To St Margaret's again for the (now annual) Shrove Tuesday 'Oxford Union' style debate.
Always an interesting and pleasant experience. Formal dress, respect for tradition and procedure, civilised but challenging debate and logic. Our sort of event really.
And the one thing you can't accuse Rev Hodgson (who organises the debates) of, is choosing an easy or timid subject.
His debates deal with big issues (Is Marxism dead? Should we leave the EU? Should Scotland have full independence? that sort of thing).
And this year was no exception. The motion was....
"This House believes that Freemasonry and Christianity are incompatible"
When we saw that on the ticket we thought of cats being amongst pigeons, and we thought how brave he had been to choose that as a subject.
In the lead up to the event, we were party to a few informal conversations with friends of Masonic persuasion where the topic of the Shrove Tuesday debate arose. It was clear it had registered on their radar as being something of interest and perhaps
even of significance. We thought that augured well for a good debate, and we were not disappointed.
We arrived early for the 7:30 start. A lovely string quartet (The Cameo String Quartet) was playing in the background and there was the gentle sound of popping corks as the bottles of fizz prepared to fill the champagne glasses that had been
set out (alongside the orange for the drivers).
Our generous hosts for the reception and drinks were The Lord and Lady of the Manor of Lytham, Mr James Hilton and his wife Penelope.
Even by a quarter to seven there were a handful of folk standing about. This was going to be a busy evening. We didn't recognise any of the other 'early birds' but we did notice they all seemed to be chaps on their own.
This was one of the few of the Shrove Tuesday debates we approached with a completely open mind.
On some of the others we confess to having had a preference when we arrived, but we were willing to have it tested in the thrust of debate. However this time, we had no preconception other than perhaps to say an appropriate description of our status
would be that of a non-mason and a bit of a lapsed Christian.
By the appointed hour the church was packed. Probably the fullest we have seen it for one of these debates, with about 200 people present.
We hadn't noticed the connection before, but we did half expect to hear the evening start with a line from the Evening Prayer - the one that begins 'Dearly Beloved Brethren'... and this gave us our first inkling of the similarity in
nomenclature which - in this instance - sees the term 'brothers' used to describe both some orders of monks and freemasons.
In fact the evening started with the Town Crier who began with "Lord of the Manor, Mayors, Aldermen, Councillors, Lord Bishop, Esteemed Cannons, Members of the Clergy, Freemasons, Ladies and gentlemen....." Illustrious company no less. It's a
long time since we heard an introduction list that long.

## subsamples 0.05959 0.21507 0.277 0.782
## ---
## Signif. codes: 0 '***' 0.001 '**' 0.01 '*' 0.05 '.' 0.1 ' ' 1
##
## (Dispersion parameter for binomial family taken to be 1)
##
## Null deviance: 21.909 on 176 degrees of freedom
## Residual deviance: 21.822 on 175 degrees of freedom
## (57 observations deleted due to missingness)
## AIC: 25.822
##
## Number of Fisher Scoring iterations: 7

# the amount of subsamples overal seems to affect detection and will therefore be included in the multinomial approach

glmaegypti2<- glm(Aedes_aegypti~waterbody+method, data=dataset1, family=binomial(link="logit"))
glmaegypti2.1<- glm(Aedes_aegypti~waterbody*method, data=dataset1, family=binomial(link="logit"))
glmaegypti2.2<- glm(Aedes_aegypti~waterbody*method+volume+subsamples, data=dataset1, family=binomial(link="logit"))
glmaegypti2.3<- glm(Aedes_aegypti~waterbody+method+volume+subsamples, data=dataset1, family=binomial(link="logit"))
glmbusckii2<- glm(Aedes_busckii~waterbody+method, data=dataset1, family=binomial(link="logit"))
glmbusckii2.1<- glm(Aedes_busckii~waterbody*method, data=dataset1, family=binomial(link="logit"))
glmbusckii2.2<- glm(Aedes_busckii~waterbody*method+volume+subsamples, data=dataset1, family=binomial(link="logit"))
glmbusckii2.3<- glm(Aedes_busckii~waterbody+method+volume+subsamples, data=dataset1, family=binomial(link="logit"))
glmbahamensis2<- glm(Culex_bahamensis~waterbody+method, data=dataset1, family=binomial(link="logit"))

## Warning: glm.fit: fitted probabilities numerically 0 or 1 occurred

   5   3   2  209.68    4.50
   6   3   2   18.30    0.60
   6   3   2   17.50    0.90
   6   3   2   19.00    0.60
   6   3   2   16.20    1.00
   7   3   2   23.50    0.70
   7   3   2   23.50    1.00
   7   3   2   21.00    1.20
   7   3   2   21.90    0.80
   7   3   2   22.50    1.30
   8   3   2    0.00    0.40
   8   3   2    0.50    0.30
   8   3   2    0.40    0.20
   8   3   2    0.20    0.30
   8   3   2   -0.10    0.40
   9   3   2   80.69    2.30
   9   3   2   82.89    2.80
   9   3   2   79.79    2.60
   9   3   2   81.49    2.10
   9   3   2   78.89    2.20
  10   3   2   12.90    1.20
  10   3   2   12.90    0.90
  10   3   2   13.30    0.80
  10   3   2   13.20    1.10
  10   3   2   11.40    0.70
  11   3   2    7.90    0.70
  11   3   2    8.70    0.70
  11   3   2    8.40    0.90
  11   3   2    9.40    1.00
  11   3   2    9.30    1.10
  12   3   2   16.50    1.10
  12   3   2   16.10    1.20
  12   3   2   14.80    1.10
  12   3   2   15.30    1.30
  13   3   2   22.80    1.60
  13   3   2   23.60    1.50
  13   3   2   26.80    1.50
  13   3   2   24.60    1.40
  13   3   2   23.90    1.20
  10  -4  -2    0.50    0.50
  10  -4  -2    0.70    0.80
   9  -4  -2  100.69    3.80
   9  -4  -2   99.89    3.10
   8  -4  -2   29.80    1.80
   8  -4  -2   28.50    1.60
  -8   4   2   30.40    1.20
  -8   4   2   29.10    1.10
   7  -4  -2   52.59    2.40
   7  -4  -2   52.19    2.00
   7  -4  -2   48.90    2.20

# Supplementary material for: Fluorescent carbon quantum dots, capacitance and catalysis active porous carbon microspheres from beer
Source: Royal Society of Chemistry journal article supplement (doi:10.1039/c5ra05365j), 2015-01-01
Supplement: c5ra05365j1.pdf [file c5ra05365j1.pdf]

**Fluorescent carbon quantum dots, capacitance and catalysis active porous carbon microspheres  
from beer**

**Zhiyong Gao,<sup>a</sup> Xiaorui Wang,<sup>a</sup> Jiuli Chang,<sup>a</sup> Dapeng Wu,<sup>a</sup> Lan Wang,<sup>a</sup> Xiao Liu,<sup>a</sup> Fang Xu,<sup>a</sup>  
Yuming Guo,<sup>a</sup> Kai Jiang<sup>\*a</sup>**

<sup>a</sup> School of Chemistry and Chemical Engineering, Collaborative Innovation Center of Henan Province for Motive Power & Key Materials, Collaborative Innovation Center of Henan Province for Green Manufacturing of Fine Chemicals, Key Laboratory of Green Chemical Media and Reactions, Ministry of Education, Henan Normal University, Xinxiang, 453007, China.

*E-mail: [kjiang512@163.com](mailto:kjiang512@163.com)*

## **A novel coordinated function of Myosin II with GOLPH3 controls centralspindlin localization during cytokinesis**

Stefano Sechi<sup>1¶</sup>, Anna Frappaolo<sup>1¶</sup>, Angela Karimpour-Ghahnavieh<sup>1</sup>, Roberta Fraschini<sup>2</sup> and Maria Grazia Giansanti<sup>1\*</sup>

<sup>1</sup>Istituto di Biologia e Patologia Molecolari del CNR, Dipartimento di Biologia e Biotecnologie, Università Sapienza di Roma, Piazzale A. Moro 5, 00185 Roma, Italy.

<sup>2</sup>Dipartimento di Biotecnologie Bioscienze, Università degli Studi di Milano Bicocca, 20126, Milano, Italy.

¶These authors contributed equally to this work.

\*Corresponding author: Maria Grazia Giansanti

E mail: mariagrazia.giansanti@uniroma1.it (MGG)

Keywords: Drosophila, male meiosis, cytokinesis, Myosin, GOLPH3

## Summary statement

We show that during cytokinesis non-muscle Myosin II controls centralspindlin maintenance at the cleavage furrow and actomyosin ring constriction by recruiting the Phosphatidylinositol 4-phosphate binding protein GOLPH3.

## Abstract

The first speaker was the Venerable John Hawley, Archdeacon of Blackburn. He opened the batting to propose the motion that Freemasonry and Christianity were incompatible.
Admitting that he knew little about freemasonry, but had researched it to prepare for the debate, he said he had found people who has spoken passionately on both sides of the argument. He said the Grand Lodge of England seemed to be going through a
re-branding exercise in order to overcome some of the long-standing charges that had been levelled against it, as though to make it more attractive to today's society.
We thought he spoke sensibly and sensitively, not wanting to alienate whilst, at the same time, trying to explain why he thought there was incompatibility.
We were surprised (although we recognise we shouldn't have been), how much he (and his fellow pro-motion speakers) were deeply and personally immersed in their faith, and this was the first note that eventually became a compelling symphony for us. He
said he had been baptised as a child and had given his life to Jesus when he was 16 years of age. He said 'There are those for whom Christianity is merely a moral code, or part of respect for religious tradition. But for me, as for the early
they left all to follow Jesus and that is what I believe our Lord asks us all to do as Christians"
He spent quite some of his allotted time emphasising the benefits of Christianity rather than highlighting the areas of incompatibility. He did however, pick out a couple of gentle differences, such as secrecy, and the Masonic rule that prevents
religion being talked about in the lodge which. He said this also required the removal of the word Jesus from any text or prayer or hymn as is done in freemasonry rituals etc.
He said he had been surprised at the number of churches and religions that had formally decided that Freemasonry was incompatible with Christianity, adding that this was also the conclusion of Church of England report in 1985 (albeit that had not been
voted on). He said "So in Christianity, God calls us to the total surrender of our lives to him. That loyalty to him has to be first and foremost. That's why we call him The Lord." He concluded that on a personal level, he saw too many conflicts and
believed that Freemasonry and Christianity were incompatible.
Next to speak was the captain of the team opposing the motion, Dr Stephen Reid , who is well known in medical and golfing circles.
He began by saying he had been looking forward to the debate for some time/ He became a freemason 40 years ago and had enjoyed the intellectual stimulation it provides, together with the warm uncomplicated friendship it offers without heed to class or
creed. He said when he had spoken to other Freemasons in advance of the debate they had all said to him - "do try to find out what the problem is".